“You all ready to get depressed?” It’s a lighthearted way to begin a performance, particularly when the title promises a subject matter that’s really less than cheery. That being said, Pamela Meek (a psychologist and mother) brings a certain ease to the presentation of a scarring childhood and rocky adolescence.
It’s 2015. At this point, we must have seen just about every iteration and incarnation of fairy tale that can possibly be cooked up by wandering minstrels and Walt Disney… right?
The performance of Wrestling with the WIP begins in the lobby of Brookland’s Dance Place: four women in quilted skirts in a blend of pantomime, precise movement, and frustrated shouts of, “I’m sick and I’m tired,” capture the attention of everyone in the room almost instantly — even those still in line at the box […]
In all honesty, I don’t want to say too much about Burlesque Classique’s Vaudevillian Romp, because I’d be cheating you out of your ticket (er, eraser). What I can tell you is that the performance is really two sides of the same coin and is entertainment at its finest.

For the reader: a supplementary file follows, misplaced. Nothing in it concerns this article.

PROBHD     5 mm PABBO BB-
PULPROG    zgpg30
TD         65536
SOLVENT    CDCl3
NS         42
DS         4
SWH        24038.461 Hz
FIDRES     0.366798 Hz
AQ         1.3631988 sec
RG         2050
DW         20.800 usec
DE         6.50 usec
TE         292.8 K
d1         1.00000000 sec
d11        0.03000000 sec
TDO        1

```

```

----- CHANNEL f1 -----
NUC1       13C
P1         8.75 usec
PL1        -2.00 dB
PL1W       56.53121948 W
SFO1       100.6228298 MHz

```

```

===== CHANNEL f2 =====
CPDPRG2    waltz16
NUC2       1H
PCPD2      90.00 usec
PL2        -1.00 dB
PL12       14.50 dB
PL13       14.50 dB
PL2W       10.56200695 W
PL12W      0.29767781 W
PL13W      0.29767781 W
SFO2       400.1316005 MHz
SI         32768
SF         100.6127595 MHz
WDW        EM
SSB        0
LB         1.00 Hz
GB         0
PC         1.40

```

“You know, it took me ten years to become an overnight sensation,” quips the sensational Danny Kaye, the springy curls of his hair bouncing as he waltzes around the stage, kicking and laughing along with the audience.
Walking into Hillyer Art Space’s main room, its walls lined with white folding chairs with a rustically set table at the head, you might get the feeling that you’re walking into a town hall meeting instead of a Fringe Festival performance. The cast members circulate, in crisp suits and dresses, handing out homemade song books […]
Let’s cut to the chase: À Demain has the greatest performances of one of the finest scripts I have seen in years. I struggle to think of its equal — As You Like It at the Folger? Something professionally produced, no doubt, and this is all from a group of college students and recent grads.
The main stage at the Goethe Institut is set like a Southern living room — a rocking chair, a small side table and what appears to be a glass of sweet tea perched atop it. As I take my seat, Katy Perry’s unforgettable I Kissed a Girl begins to play, and I almost burst out laughing.
My father was an opera singer, sometimes still hums “toreador en garde” around the house, so when the arias flowed between scenes in Marriage, Lizards, and Love I was delighted.
“Is this Ghostbusters?” one little girl shrieks as an almost hazmat-clad figure pushes a strange mechanical contraption along the sidewalk facing the White House. Her mother quiets her, then asks, “Why he got a mask on, pushing that machine?”